Resources​ ​being​ ​traded:  Capital​ ​goods​ ​​(goods​ ​that​ ​are​ ​used​ ​to​ ​produce​ ​other​ ​goods,​ ​like​ ​computers, 
electronics,​ ​telecommunications​ ​gear,​ ​industrial​ ​machines,​ ​etc)​ ​are​ ​both​ ​bought 
and​ ​sold 
Leading​ ​U.S.​ ​Exports:​ ​Aircraft,​ ​electrical​ ​equipment,​ ​chemicals,​ ​plastics  Leading​ ​U.S.​ ​Imports:​ ​Oil,​ ​textiles,​ ​toys,​ ​sporting​ ​goods,​ ​pharmaceuticals   Why​ ​do​ ​we​ ​trade​ ​internationally?   We​ ​cannot​ ​produce​ ​everything​ ​we​ ​need​ ​in​ ​the​ ​most​ ​efficient​ ​way,​​ ​so​ ​efficiency​ ​is​ ​a 
major​ ​factor 
Gains​ ​from​ ​specialization​:​ ​It​ ​leads​ ​to​ ​mutual​ ​gains​ ​between​ ​countries​ ​because​ ​it 
lets​ ​them​ ​specialize​ ​in​ ​producing​ ​specific​ ​goods​ ​and​ ​services,​ ​and​ ​because​ ​it​ ​can 
cost​ ​less​ ​to​ ​import​ ​certain​ ​goods​ ​rather​ ​than​ ​producing​ ​them​ ​domestically 
Example:​ ​Coffee.​ ​In​ ​theory,​ ​we​ ​can​ ​spend​ ​a​ ​ton​ ​of​ ​money​ ​in​ ​Sweden,​ ​make 
greenhouses,​ ​and​ ​grow​ ​coffee​ ​trees​ ​there.​ ​But​ ​why​ ​invest​ ​in​ ​all​ ​these 
greenhouses,​ ​fertilizer,​ ​watering​ ​systems,​ ​when​ ​the​ ​natural​ ​climate​ ​in 
Colombia​ ​allows​ ​for​ ​cheaper​ ​coffee​ ​to​ ​be​ ​farmed​ ​there?​ ​It​ ​makes​ ​sense​ ​to 
Example:​ ​Electronics.​ ​Japan​ ​is​ ​a​ ​country​ ​with​ ​very​ ​little​ ​available​ ​land,​ ​but  high​ ​levels​ ​of​ ​technical​ ​skillsets.​ ​Why​ ​waste​ ​the​ ​land​ ​by​ ​farming,​ ​when  they​ ​can​ ​build​ ​factories,​ ​make​ ​electronics,​ ​and​ ​trade​ ​them​ ​for​ ​food?  Gains​ ​from​ ​large​ ​scale​ ​production​:​ ​By​ ​specializing,​ ​countries​ ​can​ ​exploit  economies​ ​of​ ​scale​ ​and​ ​produce​ ​output​ ​even​ ​more​ ​efficiently​ ​than​ ​before.​ ​Small  countries​ ​produce​ ​much​ ​more​ ​than​ ​what​ ​they​ ​need​ ​for​ ​themselves​ ​because​ ​they  can​ ​export​ ​the​ ​difference.​ ​If​ ​there​ ​was​ ​no​ ​international​ ​market,​ ​then​ ​they​ ​would​ ​be  unprofitable​ ​if​ ​they​ ​sold​ ​just​ ​to​ ​their​ ​own​ ​domestic​ ​market.  Gains​ ​from​ ​competitive​ ​markets:​​ ​Trade​ ​promotes​ ​competition​ ​and​ ​encourages  production​ ​efficiency​ ​on​ ​both​ ​sides​ ​of​ ​the​ ​border.​ ​Technology​ ​and​ ​ideas​ ​are​ ​able​ ​to  flow​ ​freely.  Pressure​ ​to​ ​adopt​ ​sound​ ​institutions:​​ ​Open​ ​trade​ ​puts​ ​pressure​ ​on​ ​governments​ ​to  also​ ​be​ ​more​ ​open,​ ​transparent​ ​and​ ​efficient.​ ​Sound​ ​and​ ​constructive​ ​policies  attract​ ​international​ ​trade.​ ​Legal​ ​uncertainty,​ ​convoluted​ ​tax​ ​codes​ ​and​ ​corruption  drive​ ​foreign​ ​business​ ​away,​ ​and​ ​domestic​ ​production​ ​also​ ​suffers.  Advantage​ ​in​ ​production​ ​for​ ​trade​ ​reasons:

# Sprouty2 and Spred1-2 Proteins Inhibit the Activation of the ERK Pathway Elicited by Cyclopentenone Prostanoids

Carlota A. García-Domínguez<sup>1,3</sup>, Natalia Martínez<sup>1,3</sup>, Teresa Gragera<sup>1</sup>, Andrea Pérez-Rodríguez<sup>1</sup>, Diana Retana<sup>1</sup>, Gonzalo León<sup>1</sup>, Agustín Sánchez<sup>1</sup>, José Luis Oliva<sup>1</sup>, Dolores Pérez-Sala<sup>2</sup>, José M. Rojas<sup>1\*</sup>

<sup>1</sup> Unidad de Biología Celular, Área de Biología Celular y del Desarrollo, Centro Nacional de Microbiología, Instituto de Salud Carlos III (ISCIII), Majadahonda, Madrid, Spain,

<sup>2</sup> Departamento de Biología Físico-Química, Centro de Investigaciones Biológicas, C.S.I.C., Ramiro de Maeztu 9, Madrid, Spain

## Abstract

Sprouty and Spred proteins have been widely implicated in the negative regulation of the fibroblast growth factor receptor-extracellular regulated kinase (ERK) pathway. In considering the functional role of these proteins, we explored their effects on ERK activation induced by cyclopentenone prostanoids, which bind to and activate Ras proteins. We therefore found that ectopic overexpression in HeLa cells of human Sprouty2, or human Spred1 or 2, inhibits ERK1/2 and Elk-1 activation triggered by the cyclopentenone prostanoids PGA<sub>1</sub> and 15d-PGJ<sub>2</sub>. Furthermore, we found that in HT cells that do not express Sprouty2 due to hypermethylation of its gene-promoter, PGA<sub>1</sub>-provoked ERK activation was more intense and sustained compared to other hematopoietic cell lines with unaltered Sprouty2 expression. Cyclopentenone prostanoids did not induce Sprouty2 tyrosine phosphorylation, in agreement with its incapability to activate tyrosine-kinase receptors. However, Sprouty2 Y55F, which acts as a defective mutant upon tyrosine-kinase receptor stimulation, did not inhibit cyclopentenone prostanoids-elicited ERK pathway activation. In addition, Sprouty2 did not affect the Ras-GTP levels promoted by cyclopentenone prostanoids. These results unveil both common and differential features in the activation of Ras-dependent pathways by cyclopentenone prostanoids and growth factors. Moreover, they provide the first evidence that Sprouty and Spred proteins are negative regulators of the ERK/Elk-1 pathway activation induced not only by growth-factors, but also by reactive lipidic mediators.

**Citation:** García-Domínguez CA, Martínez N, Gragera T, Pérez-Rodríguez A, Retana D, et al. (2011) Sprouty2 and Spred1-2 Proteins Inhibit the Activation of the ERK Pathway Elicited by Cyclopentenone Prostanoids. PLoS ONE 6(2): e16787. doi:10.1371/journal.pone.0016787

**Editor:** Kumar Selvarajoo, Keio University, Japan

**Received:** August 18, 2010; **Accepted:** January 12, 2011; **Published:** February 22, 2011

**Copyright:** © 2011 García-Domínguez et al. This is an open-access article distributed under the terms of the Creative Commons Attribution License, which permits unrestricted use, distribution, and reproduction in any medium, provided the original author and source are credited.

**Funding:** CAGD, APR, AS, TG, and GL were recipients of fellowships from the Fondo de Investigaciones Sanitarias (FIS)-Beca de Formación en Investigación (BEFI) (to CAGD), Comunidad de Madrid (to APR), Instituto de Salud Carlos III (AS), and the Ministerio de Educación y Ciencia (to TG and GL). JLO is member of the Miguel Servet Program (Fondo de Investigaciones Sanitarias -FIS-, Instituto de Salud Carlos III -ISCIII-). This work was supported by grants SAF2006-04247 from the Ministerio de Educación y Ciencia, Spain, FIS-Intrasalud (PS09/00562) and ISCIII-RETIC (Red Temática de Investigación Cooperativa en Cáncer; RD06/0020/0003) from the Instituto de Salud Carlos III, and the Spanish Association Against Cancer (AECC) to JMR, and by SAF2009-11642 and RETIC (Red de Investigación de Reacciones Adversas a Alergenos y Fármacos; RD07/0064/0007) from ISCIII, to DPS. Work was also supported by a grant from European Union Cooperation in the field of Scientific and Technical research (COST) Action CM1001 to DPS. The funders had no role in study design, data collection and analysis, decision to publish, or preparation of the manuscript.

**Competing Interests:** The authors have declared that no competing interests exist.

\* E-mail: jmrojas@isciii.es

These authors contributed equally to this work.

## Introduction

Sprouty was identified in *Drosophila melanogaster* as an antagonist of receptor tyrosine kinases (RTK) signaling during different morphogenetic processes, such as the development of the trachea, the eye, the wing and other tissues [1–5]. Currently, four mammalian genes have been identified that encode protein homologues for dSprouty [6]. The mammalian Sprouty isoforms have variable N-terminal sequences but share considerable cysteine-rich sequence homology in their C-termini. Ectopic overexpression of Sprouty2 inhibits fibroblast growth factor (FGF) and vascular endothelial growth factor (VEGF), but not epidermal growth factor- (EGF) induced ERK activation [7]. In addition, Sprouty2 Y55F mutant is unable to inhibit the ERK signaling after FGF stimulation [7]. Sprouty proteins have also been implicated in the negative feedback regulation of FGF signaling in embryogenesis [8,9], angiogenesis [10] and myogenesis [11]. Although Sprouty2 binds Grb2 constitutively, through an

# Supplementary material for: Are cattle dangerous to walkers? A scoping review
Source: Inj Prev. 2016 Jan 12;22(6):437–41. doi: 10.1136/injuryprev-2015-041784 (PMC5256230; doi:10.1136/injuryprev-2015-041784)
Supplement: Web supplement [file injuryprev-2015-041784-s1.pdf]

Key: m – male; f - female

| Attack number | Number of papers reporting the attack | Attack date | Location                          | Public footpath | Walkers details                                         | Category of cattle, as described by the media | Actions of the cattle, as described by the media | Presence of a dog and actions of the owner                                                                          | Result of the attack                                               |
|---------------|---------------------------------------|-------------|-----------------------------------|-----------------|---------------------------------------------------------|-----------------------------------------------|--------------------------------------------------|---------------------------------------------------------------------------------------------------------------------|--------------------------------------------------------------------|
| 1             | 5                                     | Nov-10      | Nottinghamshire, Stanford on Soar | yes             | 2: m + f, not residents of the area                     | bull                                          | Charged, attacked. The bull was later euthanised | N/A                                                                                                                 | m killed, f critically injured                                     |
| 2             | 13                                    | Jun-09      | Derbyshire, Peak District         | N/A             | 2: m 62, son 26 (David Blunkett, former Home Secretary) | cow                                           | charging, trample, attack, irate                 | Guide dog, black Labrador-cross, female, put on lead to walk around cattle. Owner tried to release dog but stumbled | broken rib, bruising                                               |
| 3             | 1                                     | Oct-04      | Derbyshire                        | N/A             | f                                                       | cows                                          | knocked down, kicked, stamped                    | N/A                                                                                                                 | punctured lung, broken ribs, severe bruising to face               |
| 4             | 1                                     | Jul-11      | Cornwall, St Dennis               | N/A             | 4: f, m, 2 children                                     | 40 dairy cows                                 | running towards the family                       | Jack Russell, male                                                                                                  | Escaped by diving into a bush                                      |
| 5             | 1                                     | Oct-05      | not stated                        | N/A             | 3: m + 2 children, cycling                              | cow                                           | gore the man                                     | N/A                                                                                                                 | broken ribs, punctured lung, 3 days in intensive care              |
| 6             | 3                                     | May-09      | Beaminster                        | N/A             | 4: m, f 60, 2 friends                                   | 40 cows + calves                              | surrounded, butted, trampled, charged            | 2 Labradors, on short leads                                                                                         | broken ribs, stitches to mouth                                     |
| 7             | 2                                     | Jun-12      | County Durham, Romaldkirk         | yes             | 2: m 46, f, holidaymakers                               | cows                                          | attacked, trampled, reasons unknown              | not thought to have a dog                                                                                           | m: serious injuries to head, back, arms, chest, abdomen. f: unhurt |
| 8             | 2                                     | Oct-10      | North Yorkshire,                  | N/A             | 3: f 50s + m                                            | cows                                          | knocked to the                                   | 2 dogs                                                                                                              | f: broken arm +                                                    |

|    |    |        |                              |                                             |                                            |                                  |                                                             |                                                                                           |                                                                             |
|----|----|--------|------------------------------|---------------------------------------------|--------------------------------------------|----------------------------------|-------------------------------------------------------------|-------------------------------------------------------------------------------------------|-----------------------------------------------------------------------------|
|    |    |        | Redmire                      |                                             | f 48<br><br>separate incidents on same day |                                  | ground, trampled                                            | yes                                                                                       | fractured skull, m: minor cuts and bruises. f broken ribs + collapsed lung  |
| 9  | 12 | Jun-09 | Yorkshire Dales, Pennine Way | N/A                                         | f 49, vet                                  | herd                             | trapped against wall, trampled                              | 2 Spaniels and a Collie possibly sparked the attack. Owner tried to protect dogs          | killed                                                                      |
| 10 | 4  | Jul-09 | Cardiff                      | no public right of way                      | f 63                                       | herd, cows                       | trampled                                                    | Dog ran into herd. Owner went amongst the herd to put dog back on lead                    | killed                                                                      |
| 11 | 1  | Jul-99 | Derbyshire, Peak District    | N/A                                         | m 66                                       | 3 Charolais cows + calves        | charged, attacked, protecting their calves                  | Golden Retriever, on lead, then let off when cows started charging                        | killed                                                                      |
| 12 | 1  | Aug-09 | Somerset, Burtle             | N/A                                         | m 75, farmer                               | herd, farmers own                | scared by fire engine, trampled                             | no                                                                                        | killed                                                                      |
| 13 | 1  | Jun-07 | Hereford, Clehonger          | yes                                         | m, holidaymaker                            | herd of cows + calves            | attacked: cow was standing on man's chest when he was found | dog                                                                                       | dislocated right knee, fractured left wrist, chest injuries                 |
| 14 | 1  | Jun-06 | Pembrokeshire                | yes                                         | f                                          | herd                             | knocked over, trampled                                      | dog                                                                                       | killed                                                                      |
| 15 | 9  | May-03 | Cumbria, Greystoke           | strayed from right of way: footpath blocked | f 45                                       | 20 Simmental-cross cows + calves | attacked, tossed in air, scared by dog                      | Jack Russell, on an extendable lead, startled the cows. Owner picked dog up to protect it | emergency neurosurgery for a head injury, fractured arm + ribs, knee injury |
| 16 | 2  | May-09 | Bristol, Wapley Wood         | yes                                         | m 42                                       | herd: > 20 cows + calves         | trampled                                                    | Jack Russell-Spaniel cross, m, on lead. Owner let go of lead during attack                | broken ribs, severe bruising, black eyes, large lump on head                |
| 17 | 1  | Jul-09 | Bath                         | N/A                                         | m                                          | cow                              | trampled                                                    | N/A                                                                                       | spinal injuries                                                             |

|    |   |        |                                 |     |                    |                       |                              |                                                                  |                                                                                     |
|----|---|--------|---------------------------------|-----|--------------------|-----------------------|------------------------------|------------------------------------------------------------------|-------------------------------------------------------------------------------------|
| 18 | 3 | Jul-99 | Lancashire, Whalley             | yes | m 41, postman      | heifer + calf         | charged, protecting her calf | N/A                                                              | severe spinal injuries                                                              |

background image There​ ​are​ ​two​ ​types​ ​of​ ​production​ ​advantages:  Absolute​ ​Advantage​ ​​-​ ​a​ ​situation​ ​in​ ​which​ ​a​ ​nation,​ ​as​ ​a​ ​result​ ​of​ ​its  experience​ ​and​ ​resources,​ ​can​ ​produce​ ​a​ ​good​ ​more​ ​efficiently​ ​than  another​ ​nation;​ ​either​ ​produce​ ​more​ ​of​ ​the​ ​good​ ​with​ ​the​ ​same​ ​resources,​ ​or  need​ ​less​ ​resources​ ​to​ ​produce​ ​the​ ​same​ ​amount  Comparative​ ​Advantage​​ ​-​ ​the​ ​ability​ ​to​ ​produce​ ​a​ ​good​ ​at​ ​a​ ​lower  opportunity​ ​cost​ ​than​ ​others;​ ​relative​ ​costs​ ​will​ ​determine​ ​comparative  advantage  We​ ​can​ ​see​ ​that​ ​if​ ​a​ ​country​ ​has​ ​an​ ​absolute​ ​advantage​ ​in​ ​one​ ​good,​ ​and​ ​another  country​ ​has​ ​the​ ​absolute​ ​advantage​ ​in​ ​another​ ​good,​ ​they​ ​will​ ​probably​ ​specialize  in​ ​that,​ ​and​ ​wish​ ​to​ ​trade​ ​with​ ​each​ ​other.  A​ ​country​ ​can​ ​still​ ​generate​ ​gains​ ​from​ ​trade​ ​even​ ​if​ ​it​ ​has​ ​the​ ​absolute​ ​advantage  in​ ​everything!    Supply​ ​and​ ​Demand​ ​under​ ​trade:  Basic​ ​framework:  There​ ​is​ ​a​ ​​“world​ ​average”​ ​price​ ​for​ ​a​ ​good,​ ​determined​ ​by​ ​worldwide​ ​supply​ ​and  demand​​ ​for​ ​the​ ​good;​ ​there​ ​is​ ​also​ ​a​ ​​domestic​ ​market​ ​for​ ​that​ ​good,​ ​with​ ​domestic  demand​ ​and​ ​domestic​ ​supply​.  We​ ​​compare​ ​the​ ​domestic​ ​price​ ​to​ ​the​ ​world​ ​average​ ​price​,​ ​and​ ​see​ ​if​ ​the​ ​country​ ​is  a​ ​​net​ ​importer​ ​or​ ​a​ ​net​ ​exporter​​ ​of​ ​that​ ​good.  Then​ ​we​ ​can​ ​see​ ​the​ ​gains​ ​from​ ​trade​ ​on​ ​the​ ​graph;​ ​​gains​ ​can​ ​be​ ​either​ ​for  producers,​ ​or​ ​for​ ​consumers.   

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School: University of Mississippi
Department: Economics
Course: Macroeconomics
Professor: Jaevin Park
Term: Fall 2016
Tags: Macroeconomics
Name: Econ203, Final Exam Study Guide
Description: This study guide covers chapters 15, 18, and 19.
Uploaded: 12/02/2017
22 Pages 44 Views 35 Unlocks